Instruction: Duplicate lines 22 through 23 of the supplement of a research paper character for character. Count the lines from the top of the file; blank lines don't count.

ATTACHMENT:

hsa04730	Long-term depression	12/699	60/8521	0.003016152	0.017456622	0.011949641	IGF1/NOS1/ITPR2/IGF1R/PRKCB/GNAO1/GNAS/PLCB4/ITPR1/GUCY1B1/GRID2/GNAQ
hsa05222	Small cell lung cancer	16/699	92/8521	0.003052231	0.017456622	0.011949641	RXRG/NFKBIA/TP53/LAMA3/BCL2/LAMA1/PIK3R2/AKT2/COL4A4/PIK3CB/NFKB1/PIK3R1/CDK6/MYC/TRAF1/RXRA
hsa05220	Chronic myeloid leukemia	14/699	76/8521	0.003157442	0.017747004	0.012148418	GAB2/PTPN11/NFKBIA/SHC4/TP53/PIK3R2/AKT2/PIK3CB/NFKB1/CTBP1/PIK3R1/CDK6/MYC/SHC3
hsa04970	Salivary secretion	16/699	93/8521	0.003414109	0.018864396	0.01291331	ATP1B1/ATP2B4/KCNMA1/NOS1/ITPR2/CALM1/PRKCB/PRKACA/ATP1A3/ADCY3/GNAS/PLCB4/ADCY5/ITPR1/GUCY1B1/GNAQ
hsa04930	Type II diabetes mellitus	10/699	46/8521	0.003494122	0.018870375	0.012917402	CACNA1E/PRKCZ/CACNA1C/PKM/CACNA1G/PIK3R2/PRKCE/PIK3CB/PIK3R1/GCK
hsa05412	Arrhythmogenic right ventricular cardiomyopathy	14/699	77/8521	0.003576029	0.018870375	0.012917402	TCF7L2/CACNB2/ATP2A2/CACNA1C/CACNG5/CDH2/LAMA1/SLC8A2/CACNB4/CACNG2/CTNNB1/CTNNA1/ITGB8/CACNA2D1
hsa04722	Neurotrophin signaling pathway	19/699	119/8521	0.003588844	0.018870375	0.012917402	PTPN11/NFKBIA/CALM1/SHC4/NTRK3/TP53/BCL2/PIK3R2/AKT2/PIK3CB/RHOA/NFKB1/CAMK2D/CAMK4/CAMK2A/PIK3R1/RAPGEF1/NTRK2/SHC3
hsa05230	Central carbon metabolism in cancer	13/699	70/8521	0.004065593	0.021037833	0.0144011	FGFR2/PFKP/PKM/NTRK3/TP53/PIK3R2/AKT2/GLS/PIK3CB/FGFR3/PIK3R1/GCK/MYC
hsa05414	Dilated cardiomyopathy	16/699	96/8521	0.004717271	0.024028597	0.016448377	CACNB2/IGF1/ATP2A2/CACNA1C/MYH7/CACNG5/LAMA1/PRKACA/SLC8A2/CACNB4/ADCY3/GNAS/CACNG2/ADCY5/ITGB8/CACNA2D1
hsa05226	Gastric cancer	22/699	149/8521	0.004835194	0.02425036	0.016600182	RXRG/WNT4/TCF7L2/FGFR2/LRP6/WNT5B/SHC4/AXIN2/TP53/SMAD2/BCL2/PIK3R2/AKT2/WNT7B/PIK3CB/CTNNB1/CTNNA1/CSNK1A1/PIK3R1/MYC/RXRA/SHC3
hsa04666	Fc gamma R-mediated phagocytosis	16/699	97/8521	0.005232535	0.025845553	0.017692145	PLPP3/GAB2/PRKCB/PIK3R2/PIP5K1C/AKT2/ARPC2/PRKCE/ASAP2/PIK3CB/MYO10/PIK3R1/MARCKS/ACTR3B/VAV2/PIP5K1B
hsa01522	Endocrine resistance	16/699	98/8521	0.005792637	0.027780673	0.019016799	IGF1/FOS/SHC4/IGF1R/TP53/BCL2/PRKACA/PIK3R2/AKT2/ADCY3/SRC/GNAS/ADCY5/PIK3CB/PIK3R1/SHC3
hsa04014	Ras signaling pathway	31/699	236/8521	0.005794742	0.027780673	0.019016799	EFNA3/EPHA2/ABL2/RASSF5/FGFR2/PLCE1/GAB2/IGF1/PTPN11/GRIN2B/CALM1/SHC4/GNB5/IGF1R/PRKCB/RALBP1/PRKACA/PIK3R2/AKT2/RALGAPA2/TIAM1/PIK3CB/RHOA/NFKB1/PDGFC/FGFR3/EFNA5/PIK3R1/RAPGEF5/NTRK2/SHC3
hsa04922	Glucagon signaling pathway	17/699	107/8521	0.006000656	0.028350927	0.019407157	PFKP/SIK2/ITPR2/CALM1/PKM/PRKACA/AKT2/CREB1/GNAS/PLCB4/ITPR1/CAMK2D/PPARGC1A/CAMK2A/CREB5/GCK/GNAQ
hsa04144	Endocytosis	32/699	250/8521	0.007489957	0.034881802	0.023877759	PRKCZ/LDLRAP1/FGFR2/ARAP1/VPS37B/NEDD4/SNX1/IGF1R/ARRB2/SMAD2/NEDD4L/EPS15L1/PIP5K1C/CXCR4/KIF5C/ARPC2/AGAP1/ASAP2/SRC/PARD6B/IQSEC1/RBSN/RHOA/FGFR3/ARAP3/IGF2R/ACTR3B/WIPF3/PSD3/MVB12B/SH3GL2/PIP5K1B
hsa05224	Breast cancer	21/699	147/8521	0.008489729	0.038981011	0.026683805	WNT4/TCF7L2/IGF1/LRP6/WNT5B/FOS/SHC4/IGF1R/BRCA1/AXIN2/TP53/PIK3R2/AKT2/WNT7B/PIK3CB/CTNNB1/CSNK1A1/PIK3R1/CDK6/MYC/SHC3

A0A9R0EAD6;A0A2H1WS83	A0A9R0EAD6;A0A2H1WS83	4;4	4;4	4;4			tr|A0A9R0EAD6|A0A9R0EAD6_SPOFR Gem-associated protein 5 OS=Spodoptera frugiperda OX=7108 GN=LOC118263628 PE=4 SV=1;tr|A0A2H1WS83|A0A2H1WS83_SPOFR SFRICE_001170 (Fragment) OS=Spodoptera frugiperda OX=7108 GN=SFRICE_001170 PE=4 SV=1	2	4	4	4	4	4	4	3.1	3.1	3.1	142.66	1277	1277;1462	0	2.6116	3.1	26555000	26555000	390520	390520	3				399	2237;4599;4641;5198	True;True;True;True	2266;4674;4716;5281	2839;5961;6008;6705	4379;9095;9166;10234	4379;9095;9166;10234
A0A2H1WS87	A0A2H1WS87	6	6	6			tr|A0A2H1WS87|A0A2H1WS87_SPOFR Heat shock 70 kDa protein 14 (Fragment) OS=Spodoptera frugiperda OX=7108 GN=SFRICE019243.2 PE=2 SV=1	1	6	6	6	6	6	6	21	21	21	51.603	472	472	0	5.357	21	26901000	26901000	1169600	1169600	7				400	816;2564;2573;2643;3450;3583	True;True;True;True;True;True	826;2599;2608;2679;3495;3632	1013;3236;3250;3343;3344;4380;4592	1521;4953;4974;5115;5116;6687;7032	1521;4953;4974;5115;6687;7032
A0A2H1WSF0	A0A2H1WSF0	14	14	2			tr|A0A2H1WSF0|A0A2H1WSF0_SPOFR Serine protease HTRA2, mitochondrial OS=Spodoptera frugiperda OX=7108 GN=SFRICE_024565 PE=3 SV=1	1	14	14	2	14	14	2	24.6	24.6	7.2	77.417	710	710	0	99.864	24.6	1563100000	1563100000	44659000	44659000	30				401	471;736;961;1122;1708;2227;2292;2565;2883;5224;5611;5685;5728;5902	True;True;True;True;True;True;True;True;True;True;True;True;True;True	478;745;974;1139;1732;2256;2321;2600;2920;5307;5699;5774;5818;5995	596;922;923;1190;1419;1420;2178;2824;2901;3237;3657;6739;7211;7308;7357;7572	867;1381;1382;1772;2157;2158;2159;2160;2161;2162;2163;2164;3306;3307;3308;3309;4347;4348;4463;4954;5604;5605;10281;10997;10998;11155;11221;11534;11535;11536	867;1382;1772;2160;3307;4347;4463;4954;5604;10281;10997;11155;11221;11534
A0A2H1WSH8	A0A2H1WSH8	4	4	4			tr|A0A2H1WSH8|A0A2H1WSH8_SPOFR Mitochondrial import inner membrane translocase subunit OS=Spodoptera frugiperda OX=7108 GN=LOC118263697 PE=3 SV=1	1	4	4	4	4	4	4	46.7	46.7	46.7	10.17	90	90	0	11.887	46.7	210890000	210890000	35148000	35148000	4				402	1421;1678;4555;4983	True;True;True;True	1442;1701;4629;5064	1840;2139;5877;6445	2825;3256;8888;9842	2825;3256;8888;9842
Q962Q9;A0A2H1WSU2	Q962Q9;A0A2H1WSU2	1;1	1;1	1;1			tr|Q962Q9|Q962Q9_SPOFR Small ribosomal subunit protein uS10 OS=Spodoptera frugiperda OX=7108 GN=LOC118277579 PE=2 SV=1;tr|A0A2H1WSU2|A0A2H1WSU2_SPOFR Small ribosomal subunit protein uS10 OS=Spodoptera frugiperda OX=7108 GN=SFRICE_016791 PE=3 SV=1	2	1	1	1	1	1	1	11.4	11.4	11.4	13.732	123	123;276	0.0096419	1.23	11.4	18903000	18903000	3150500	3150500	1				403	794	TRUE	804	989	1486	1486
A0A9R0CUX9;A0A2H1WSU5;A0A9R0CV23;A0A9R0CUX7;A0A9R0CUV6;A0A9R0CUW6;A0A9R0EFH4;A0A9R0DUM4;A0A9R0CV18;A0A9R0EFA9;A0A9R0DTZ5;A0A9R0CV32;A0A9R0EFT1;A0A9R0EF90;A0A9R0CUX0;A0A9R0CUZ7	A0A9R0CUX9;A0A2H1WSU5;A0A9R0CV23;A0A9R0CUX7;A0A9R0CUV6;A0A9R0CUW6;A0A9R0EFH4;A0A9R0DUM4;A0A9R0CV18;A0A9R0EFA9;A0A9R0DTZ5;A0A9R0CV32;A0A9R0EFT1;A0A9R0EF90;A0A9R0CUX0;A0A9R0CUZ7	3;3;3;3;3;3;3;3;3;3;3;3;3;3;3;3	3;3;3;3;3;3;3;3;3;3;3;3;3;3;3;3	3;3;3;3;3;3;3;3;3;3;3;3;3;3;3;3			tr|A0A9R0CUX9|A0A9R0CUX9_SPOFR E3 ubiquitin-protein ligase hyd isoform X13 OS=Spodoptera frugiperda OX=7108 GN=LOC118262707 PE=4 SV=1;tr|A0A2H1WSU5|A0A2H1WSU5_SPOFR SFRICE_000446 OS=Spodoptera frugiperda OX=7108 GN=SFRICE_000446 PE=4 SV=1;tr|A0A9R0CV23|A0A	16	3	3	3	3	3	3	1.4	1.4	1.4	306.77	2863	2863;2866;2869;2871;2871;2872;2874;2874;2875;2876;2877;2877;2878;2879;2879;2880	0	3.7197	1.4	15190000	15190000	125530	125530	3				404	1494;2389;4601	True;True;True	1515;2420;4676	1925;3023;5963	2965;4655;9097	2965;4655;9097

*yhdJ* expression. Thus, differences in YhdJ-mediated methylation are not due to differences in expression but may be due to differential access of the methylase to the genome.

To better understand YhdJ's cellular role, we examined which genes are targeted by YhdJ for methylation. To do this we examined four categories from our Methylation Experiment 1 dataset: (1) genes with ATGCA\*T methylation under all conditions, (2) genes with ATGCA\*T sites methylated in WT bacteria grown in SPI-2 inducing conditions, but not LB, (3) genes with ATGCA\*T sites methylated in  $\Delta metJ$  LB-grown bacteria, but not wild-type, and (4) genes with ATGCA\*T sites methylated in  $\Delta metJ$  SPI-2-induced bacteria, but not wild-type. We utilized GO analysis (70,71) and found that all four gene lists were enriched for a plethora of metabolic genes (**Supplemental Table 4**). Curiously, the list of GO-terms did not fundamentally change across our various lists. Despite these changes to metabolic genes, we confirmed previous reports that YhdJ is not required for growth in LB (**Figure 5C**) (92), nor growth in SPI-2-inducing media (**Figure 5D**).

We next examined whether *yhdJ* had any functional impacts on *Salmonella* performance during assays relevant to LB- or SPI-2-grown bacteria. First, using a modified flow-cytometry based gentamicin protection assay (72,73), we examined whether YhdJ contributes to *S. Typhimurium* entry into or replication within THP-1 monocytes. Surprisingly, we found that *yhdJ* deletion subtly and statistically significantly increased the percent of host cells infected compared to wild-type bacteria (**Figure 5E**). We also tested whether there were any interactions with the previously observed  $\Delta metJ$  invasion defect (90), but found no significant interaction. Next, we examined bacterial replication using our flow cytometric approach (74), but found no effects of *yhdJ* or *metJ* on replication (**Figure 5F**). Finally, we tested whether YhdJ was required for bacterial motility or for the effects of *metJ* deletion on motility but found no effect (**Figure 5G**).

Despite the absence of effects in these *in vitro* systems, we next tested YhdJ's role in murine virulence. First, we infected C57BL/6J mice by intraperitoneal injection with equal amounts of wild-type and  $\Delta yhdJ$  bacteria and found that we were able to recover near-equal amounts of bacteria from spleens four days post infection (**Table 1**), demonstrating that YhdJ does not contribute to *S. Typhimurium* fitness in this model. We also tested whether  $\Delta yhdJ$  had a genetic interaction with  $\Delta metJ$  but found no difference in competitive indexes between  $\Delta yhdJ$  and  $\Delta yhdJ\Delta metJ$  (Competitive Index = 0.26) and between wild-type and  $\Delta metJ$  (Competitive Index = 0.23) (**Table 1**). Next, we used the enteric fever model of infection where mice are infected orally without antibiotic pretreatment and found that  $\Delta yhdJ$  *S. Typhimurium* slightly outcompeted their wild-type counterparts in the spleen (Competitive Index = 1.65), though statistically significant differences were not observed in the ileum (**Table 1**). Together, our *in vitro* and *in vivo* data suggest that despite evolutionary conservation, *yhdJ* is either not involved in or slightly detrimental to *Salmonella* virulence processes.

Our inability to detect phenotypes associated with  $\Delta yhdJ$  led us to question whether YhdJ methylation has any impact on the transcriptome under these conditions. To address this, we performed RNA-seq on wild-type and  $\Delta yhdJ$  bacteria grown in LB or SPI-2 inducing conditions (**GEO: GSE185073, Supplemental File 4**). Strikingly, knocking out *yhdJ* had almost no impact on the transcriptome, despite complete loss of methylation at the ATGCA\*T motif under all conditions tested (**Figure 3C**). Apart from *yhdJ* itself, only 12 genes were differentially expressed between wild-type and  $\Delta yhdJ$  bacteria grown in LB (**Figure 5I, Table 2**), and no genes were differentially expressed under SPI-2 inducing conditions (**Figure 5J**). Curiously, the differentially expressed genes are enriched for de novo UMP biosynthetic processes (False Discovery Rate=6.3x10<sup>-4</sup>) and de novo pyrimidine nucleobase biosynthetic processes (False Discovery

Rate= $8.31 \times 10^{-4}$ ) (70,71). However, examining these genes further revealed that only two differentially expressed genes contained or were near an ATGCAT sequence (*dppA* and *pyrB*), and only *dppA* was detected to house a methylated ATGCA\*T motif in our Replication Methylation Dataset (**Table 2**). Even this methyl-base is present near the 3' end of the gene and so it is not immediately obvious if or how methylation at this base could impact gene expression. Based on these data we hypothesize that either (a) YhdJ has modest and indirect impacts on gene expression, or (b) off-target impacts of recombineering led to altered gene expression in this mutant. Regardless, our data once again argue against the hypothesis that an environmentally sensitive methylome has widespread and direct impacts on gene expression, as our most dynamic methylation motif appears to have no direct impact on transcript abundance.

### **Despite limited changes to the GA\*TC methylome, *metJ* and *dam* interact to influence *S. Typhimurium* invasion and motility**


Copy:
A0A9R0CUX9;A0A2H1WSU5;A0A9R0CV23;A0A9R0CUX7;A0A9R0CUV6;A0A9R0CUW6;A0A9R0EFH4;A0A9R0DUM4;A0A9R0CV18;A0A9R0EFA9;A0A9R0DTZ5;A0A9R0CV32;A0A9R0EFT1;A0A9R0EF90;A0A9R0CUX0;A0A9R0CUZ7	A0A9R0CUX9;A0A2H1WSU5;A0A9R0CV23;A0A9R0CUX7;A0A9R0CUV6;A0A9R0CUW6;A0A9R0EFH4;A0A9R0DUM4;A0A9R0CV18;A0A9R0EFA9;A0A9R0DTZ5;A0A9R0CV32;A0A9R0EFT1;A0A9R0EF90;A0A9R0CUX0;A0A9R0CUZ7	3;3;3;3;3;3;3;3;3;3;3;3;3;3;3;3	3;3;3;3;3;3;3;3;3;3;3;3;3;3;3;3	3;3;3;3;3;3;3;3;3;3;3;3;3;3;3;3			tr|A0A9R0CUX9|A0A9R0CUX9_SPOFR E3 ubiquitin-protein ligase hyd isoform X13 OS=Spodoptera frugiperda OX=7108 GN=LOC118262707 PE=4 SV=1;tr|A0A2H1WSU5|A0A2H1WSU5_SPOFR SFRICE_000446 OS=Spodoptera frugiperda OX=7108 GN=SFRICE_000446 PE=4 SV=1;tr|A0A9R0CV23|A0A	16	3	3	3	3	3	3	1.4	1.4	1.4	306.77	2863	2863;2866;2869;2871;2871;2872;2874;2874;2875;2876;2877;2877;2878;2879;2879;2880	0	3.7197	1.4	15190000	15190000	125530	125530	3				404	1494;2389;4601	True;True;True	1515;2420;4676	1925;3023;5963	2965;4655;9097	2965;4655;9097

*yhdJ* expression. Thus, differences in YhdJ-mediated methylation are not due to differences in expression but may be due to differential access of the methylase to the genome.